How Delhi-based Udayan Care helped over 30,000 children and women through its initiatives
In a country with a population of 1.3 billion people, about 29.6 million children do not have parents, says a report by UNICEF. According to a study by SOS Children Village in 2011 this number was equivalent to about four percent of India’s child population.
With the adoption rates being abysmally low in the country, NGOs and care homes are looking to provide an alternative care system to take care of these children. One such NGO is Udayan Care.
Founded in 1994 as a public charitable trust by Kiran Modi, Delhi-based Udayan Care works to empower vulnerable children, women, and youth in 27 cities across 15 states of India.
Kiran Modi, Founder and CEO of Udayan Care
Starting with just one, small Ghar (group home) for children without parental care in Delhi in 1996, it has now established 17 group homes and two aftercare programmes to support the disadvantaged groups.
It is also enabling higher education to over 9,000 girls in about 21 cities of India, providing vocational training and livelihood programmes, enabling 16,000 youth for employability. In other words, Udayan Care aims to provide better standards, systems, and processes for children without parental care in an alternative care format.
The Delhi-based NGO has close to 200 employees, and also has long term volunteers who form almost six times that number. An actively involved board also strengthens governance and compliance as well as drives strategy.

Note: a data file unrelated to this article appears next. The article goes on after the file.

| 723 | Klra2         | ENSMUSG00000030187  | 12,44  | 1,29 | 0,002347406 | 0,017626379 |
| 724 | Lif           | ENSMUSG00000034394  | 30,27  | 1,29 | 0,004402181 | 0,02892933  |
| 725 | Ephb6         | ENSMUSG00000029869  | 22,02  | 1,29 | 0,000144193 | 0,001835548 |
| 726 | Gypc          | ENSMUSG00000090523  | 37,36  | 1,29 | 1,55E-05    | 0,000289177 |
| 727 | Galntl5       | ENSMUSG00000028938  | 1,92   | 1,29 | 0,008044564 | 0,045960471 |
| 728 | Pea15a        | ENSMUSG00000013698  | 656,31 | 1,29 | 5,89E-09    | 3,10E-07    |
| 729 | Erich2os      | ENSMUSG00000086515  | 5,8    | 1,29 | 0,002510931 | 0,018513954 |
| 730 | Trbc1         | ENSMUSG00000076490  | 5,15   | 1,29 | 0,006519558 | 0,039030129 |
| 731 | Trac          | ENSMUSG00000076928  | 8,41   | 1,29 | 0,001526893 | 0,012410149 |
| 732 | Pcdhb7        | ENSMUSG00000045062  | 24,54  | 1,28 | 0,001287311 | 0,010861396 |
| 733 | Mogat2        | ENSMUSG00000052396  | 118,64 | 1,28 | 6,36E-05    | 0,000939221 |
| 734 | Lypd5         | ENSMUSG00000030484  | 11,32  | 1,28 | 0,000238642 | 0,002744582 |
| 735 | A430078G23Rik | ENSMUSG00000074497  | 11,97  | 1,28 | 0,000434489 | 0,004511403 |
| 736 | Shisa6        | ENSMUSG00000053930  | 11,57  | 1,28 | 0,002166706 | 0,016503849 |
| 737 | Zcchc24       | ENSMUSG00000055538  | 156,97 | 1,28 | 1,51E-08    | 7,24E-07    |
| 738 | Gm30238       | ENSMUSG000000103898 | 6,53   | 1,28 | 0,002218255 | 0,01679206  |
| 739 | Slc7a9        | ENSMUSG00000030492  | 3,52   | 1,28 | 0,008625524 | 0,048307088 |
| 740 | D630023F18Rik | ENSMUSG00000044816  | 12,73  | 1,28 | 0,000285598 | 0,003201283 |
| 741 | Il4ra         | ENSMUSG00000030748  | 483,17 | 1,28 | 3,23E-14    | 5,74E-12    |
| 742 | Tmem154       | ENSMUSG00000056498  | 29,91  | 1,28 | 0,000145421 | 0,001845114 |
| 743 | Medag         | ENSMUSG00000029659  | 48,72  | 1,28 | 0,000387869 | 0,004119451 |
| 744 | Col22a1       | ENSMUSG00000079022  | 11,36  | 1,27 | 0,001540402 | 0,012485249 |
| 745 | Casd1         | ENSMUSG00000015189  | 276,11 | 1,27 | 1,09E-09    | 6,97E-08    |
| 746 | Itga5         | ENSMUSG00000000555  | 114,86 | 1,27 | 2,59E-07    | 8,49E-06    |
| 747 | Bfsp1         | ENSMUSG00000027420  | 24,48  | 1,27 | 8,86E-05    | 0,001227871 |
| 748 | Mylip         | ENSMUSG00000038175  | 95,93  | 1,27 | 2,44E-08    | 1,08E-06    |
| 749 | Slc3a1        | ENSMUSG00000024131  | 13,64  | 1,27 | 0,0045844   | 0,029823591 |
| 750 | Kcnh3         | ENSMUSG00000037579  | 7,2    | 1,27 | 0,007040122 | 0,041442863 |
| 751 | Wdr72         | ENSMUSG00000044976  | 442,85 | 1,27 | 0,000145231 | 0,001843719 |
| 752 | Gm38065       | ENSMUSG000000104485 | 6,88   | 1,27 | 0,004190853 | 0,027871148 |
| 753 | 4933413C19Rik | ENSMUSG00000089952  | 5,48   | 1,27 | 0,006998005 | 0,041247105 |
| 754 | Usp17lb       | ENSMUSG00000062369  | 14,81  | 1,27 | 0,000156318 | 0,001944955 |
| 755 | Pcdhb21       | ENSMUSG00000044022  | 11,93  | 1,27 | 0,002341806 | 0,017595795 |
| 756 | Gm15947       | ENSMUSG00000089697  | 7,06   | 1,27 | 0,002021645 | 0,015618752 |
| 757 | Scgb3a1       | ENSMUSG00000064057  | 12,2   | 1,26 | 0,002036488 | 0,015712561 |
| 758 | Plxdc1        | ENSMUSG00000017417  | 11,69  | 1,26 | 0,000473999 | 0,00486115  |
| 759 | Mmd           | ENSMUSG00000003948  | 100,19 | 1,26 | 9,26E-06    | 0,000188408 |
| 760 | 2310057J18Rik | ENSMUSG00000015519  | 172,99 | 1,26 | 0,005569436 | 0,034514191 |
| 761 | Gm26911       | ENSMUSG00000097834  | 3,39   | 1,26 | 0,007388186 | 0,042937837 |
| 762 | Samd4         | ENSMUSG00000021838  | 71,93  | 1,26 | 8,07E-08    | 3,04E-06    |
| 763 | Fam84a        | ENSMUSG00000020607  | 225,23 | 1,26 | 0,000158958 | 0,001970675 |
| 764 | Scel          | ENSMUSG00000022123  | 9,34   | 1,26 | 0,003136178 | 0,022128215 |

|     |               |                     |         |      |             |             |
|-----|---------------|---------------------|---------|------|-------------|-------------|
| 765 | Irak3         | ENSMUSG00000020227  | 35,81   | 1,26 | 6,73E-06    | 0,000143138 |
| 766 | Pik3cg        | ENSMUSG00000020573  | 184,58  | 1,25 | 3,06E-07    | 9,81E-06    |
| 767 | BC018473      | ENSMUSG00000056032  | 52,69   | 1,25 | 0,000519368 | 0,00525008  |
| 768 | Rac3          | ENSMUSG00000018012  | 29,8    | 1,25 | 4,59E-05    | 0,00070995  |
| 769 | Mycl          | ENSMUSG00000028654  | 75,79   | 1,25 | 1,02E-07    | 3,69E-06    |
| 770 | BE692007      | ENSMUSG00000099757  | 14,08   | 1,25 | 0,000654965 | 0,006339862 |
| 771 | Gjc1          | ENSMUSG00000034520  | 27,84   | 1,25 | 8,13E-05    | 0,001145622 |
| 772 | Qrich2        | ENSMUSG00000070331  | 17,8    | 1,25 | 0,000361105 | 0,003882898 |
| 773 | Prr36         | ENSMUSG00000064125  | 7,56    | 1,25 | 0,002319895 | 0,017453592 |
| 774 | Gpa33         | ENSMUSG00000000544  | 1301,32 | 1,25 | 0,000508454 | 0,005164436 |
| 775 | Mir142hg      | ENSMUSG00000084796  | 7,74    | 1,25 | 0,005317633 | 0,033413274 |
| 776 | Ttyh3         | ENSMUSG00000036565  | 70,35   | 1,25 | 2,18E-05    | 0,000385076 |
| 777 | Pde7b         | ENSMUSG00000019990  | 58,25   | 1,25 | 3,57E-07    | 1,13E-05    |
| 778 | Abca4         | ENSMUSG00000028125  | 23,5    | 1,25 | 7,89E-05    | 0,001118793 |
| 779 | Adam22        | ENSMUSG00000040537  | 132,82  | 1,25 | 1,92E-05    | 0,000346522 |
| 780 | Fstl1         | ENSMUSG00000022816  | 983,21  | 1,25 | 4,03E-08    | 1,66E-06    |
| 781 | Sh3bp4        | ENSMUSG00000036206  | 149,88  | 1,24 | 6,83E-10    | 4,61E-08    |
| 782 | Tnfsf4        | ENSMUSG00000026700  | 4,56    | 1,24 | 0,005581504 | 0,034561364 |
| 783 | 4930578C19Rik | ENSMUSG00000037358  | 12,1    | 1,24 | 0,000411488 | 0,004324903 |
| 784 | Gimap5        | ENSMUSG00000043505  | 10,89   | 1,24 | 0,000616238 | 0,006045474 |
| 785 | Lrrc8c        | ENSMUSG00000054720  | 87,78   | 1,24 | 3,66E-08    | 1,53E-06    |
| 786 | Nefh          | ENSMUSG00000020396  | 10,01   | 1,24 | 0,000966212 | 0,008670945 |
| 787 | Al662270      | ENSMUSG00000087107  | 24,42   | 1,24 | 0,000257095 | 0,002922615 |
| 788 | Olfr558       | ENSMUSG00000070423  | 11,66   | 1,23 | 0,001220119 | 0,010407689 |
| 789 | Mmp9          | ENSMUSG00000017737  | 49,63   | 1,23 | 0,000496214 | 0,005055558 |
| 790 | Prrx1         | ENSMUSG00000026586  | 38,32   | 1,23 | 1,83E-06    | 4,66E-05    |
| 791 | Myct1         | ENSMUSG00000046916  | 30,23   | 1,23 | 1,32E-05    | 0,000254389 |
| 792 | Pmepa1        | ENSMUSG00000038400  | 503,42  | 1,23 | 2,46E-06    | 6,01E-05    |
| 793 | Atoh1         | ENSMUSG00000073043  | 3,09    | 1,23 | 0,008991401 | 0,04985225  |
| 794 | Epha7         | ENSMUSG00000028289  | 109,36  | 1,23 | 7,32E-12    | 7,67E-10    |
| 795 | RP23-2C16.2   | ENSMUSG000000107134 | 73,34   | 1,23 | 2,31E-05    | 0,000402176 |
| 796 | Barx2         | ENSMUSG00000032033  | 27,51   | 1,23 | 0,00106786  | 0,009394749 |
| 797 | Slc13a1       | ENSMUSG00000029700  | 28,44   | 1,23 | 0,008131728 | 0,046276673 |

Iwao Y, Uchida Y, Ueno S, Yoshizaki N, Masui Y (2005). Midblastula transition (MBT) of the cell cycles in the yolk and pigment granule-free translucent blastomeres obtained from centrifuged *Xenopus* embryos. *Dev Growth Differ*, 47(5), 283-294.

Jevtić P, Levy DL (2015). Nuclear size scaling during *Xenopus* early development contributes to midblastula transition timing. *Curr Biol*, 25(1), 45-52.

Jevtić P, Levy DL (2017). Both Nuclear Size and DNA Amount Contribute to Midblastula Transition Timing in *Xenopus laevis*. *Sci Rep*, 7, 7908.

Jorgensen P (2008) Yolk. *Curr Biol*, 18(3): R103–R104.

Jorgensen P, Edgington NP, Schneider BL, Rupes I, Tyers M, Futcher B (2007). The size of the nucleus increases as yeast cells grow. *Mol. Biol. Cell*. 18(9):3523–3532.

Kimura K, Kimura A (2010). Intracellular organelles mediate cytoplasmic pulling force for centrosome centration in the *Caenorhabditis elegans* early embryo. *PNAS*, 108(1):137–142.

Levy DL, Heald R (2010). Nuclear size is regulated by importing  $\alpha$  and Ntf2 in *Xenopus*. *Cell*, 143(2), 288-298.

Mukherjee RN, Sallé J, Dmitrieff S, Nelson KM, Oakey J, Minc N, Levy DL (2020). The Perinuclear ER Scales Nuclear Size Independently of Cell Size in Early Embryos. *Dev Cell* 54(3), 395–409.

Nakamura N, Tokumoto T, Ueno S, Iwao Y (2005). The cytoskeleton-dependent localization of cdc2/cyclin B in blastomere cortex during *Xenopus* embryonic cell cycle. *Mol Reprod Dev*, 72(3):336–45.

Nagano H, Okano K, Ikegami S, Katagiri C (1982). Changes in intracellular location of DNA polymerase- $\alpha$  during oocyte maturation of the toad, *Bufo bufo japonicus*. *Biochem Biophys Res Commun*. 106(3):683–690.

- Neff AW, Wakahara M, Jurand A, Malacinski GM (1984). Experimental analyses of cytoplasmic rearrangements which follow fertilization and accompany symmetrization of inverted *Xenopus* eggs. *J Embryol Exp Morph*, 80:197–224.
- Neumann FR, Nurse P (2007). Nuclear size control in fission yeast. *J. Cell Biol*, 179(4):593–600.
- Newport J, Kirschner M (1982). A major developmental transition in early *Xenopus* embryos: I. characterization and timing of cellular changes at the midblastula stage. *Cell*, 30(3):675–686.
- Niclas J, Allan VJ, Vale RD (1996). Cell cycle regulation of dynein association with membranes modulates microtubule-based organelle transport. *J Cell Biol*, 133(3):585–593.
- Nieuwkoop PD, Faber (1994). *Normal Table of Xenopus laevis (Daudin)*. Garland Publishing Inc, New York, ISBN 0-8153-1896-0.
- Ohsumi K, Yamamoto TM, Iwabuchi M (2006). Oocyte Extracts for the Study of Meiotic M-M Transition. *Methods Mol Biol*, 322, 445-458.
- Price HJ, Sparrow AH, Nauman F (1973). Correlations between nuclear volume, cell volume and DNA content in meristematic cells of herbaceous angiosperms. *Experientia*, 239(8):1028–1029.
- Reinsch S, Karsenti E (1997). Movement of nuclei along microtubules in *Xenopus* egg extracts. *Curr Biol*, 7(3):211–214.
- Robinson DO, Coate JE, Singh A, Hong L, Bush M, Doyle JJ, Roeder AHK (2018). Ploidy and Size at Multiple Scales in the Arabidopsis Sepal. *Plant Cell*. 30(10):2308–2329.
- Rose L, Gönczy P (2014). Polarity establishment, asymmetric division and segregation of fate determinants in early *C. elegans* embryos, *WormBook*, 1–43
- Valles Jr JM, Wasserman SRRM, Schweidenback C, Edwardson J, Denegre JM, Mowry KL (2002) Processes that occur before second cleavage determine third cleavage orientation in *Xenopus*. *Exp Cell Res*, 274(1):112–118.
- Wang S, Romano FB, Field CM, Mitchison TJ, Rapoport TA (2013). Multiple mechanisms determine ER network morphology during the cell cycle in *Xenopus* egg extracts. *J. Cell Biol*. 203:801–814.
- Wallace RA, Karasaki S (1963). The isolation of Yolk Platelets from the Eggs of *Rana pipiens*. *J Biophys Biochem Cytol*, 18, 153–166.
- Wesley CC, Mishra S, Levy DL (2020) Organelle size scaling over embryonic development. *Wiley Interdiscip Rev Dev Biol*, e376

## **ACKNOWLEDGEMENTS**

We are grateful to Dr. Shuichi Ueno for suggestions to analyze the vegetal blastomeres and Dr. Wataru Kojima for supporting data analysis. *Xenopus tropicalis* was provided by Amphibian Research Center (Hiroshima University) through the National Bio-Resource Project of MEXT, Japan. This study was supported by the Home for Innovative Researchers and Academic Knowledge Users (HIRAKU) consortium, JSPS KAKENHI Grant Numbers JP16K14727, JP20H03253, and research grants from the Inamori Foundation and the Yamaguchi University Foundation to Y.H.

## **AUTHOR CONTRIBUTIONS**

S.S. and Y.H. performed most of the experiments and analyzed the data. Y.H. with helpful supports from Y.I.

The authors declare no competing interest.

“The Udayan Ghar Programme is based on the belief that a loving home and family is the right of every child. Udayan Ghars are long term, group residential homes that nurture children who are orphaned, abandoned, or at-risk in a family-like environment, and the youth coming out of these homes are nurtured and developed to take their role in the society through its aftercare programmes,” says Kiran. The programme has about 211 children, and the aftercare programmes are looking after 13 young adults.
According to a report by International Labour Organisation (ILO), the female labour force participation stood at a shocking 27.2 percent in 2011-2012 in India.
The heart family: Aftercare youth at Udayan Care Delhi, India share a family like bond.
In order to bring about a change, Udayan introduced its educational programme for girl children through the Udayan Shalini Fellowship Programme (USF) in 2002. The programme targets girls from marginalised backgrounds, who are called Shalinis (dignified, empowered women).
Since inception, USF has supported over 9,000 girls, many of whom are pursuing fields like engineering, medical studies, chartered accountancy, company secretaryship, vocational training, nursing, and computer science, among others.
“My father was not ready to educate me after grade 10. But now he is supporting me in my higher education, thanks to my mentor Deepak Sharma and the USF Greater Noida team,” says Shruti Kumari, one of the Shalinis who has a keen interest in volleyball and wrestling.
“My mentor continuously counselled and guided me to work hard towards fulfilling my dreams. The financial help from USF has assisted me in continuing my studies,” she added.
Women at the flagship programme of Udayan Care’s Shalini Fellowship.
USF also reaches out to disadvantaged women through its skill centres in Noida and Uttarakhand by teaching them stitching and tailoring, beauty therapy, paper craft, enamel work, block printing, graphic design, yoga, digital literacy, Hindi typing, sewing, and other courses. The items made by these women are sold by the organisation under the label ‘Sukriti’.